• Longer working hours of children, multiple jobs juggled by child laborers, and exposure to social hazards (such as use of illegal drugs) and occupational health and safety hazards.

  • One out of five households surveyed for the study showed incidence of child labor.

  • High tendency for child laborers to stop schooling. Child laborers normally work for an average of ten hours daily for a tiny fraction of the prevailing minimum wage and extreme cases of 24-hour shift in mining, even as the magnitude of their work is comparable to those of adults.

  • Ninety-six percent (96%) of households surveyed were living below the poverty thresholds of their region and have an average monthly family income of P1,000 – P3,000 (highest incidence of child labor at 40%).

  • Seventy-seven percent (77%) of households surveyed do not own land and has no accessibility to land.

  • The children and their families have no means to escape the vicious cycle of generational poverty as child laborers work the same kind of low-income, labor-intensive jobs and generate just enough income to eat and work the next day. Unable to finish basic education, they are unable to apply to stable work which demands technical skills they do not have.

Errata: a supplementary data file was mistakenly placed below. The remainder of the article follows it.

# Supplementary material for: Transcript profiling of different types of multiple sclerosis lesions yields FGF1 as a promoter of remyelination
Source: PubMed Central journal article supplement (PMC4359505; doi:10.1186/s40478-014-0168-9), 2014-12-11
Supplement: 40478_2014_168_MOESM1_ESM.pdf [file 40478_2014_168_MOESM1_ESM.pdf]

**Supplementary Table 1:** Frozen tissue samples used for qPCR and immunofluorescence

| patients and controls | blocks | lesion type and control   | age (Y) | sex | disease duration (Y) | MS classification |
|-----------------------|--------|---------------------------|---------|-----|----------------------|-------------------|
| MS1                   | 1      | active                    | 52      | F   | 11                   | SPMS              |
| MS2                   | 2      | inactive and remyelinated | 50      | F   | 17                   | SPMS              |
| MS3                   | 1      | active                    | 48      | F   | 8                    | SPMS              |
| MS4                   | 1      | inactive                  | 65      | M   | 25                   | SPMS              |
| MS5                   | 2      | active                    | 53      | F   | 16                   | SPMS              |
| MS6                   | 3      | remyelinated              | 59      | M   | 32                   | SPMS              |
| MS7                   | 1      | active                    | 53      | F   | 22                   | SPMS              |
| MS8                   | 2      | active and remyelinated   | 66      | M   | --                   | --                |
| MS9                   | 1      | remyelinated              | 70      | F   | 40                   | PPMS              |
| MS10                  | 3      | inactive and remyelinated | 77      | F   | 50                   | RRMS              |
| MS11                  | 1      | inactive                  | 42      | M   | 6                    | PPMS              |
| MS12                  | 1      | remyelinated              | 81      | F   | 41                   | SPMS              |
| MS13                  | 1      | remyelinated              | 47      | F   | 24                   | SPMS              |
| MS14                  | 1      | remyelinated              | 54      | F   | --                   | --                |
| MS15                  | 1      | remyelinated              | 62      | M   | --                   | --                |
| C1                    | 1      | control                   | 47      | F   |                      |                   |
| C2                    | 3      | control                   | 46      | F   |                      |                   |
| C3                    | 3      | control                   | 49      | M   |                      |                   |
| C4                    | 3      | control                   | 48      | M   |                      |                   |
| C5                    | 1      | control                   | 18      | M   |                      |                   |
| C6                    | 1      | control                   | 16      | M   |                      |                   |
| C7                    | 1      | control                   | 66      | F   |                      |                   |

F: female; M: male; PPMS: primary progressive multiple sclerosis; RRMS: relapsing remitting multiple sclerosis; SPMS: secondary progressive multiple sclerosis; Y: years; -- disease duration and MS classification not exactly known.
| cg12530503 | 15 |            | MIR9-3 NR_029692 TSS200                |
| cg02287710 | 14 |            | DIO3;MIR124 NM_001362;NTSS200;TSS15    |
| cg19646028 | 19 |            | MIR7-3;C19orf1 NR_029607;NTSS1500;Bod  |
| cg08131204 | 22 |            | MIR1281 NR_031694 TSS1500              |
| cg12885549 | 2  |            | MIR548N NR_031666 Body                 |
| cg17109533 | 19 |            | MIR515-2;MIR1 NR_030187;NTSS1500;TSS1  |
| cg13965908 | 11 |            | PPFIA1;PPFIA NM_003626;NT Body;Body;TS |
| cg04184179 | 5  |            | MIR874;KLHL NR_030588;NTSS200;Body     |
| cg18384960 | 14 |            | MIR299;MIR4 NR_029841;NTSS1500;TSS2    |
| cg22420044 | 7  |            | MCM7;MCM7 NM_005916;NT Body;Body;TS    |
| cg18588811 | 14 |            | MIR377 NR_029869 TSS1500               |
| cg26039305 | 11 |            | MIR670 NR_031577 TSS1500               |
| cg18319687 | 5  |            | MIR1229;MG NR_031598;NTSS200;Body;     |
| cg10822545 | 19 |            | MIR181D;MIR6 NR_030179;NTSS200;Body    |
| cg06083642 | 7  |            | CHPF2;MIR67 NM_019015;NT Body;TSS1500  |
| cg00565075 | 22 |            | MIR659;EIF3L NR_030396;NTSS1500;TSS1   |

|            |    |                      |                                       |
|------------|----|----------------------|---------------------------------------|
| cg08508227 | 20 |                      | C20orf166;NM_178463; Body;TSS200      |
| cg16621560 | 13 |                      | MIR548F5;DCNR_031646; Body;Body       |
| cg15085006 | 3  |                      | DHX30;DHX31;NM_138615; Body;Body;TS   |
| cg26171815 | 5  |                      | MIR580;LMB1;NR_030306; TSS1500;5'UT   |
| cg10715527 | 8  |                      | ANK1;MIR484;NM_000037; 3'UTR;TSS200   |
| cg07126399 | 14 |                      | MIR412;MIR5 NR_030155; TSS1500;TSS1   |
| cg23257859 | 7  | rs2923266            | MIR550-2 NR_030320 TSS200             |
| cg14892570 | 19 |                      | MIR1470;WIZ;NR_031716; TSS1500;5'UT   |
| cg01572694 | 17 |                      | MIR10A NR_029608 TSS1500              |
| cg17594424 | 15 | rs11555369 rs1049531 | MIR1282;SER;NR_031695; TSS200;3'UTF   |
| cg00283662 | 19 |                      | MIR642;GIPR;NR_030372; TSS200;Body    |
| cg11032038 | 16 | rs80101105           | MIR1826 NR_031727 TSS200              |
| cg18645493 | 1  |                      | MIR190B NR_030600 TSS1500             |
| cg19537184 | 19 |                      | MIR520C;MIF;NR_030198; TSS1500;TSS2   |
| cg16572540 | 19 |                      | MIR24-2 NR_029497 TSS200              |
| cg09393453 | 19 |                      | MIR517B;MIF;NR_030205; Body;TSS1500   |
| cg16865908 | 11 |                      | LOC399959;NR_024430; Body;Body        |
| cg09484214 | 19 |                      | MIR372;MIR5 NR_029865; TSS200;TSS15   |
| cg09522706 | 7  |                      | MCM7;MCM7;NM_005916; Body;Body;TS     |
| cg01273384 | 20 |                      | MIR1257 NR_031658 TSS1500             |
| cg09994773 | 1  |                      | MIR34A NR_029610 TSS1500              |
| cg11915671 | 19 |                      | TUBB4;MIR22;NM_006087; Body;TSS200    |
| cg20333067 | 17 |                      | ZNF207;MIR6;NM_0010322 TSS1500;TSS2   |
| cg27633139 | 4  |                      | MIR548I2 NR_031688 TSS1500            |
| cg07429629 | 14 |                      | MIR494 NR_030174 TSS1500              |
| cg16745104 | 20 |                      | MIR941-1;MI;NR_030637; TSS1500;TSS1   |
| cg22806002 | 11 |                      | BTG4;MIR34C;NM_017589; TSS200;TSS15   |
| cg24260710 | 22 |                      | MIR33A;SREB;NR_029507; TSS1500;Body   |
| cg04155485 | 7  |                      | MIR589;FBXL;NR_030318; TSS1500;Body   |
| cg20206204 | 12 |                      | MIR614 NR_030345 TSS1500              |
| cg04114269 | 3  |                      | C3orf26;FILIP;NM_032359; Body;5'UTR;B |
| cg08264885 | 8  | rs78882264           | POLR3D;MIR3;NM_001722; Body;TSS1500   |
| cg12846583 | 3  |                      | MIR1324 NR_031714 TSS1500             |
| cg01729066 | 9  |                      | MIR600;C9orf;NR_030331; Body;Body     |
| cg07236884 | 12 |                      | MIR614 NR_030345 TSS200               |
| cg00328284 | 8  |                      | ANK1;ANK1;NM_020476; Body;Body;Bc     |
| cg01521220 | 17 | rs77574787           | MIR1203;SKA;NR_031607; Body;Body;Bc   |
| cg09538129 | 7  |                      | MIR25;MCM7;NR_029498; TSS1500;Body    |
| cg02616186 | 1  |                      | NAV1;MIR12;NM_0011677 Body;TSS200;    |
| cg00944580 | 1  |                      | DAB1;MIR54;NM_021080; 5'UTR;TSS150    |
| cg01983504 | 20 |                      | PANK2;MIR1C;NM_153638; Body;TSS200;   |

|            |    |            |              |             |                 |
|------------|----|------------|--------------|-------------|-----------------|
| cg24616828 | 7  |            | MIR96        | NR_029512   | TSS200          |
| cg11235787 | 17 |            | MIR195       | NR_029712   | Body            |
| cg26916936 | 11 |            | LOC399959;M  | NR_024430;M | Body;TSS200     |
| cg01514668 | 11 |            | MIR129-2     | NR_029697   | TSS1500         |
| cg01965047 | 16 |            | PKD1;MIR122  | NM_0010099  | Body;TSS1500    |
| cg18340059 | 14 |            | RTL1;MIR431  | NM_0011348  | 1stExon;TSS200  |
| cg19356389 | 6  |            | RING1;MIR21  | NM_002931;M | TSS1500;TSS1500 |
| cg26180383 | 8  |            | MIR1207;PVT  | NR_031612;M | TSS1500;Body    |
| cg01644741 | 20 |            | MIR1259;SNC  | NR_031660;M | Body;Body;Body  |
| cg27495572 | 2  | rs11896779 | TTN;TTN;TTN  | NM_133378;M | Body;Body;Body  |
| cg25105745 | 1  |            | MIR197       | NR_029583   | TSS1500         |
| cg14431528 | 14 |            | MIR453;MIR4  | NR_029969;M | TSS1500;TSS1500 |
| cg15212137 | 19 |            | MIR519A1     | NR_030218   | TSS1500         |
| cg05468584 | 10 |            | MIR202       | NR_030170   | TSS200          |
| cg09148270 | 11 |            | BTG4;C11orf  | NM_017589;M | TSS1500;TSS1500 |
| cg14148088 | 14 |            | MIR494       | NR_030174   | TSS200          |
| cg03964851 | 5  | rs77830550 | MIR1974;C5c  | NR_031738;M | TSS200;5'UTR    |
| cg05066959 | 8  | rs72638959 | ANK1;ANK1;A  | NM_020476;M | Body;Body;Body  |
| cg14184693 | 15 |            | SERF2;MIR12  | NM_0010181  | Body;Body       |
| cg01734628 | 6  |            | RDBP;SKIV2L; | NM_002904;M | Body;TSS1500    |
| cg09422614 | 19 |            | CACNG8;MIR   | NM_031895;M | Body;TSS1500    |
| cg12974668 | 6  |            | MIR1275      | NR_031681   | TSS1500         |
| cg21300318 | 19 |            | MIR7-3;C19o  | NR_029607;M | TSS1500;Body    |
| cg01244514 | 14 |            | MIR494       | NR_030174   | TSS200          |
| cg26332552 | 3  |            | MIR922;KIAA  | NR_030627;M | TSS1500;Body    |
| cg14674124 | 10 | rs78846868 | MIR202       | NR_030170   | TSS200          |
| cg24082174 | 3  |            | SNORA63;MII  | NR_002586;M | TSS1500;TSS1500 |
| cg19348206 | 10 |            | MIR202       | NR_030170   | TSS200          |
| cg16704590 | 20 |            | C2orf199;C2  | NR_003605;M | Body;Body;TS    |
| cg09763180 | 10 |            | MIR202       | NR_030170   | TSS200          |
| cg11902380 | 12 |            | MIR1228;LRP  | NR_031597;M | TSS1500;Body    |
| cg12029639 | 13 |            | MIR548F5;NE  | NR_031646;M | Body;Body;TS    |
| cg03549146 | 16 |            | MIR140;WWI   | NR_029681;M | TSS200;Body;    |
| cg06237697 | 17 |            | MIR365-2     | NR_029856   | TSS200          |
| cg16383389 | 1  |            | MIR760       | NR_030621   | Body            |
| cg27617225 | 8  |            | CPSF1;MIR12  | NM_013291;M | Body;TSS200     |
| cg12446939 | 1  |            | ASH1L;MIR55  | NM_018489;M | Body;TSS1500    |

Children working in hazardous industries are exposed to the dangers and perils of heavy physical work, exposure to chemicals and unsafe working conditions. At their tender age, these children are deprived of their right to education, right against economic exploitation and right to have everything they need to have a better future.

Child labor in plantations in Davao

DAVAO DEL NORTE – Child laborers in banana plantations often serve as fruiters, harvesters, haulers, loaders, and uprooters. Over time, the children have sustained injuries from weeding, harvesting, bagging and de-leafing work.


End poverty. End child labor.

November 20, 2014 marked the 25th year since the U.N. General Assembly adopted the Convention on the Rights of Child (CRC). Throughout the years, there have been significant achievements on upholding the rights of children worldwide, but much has to be done to address the root causes of child labour and build actions to end its worst forms.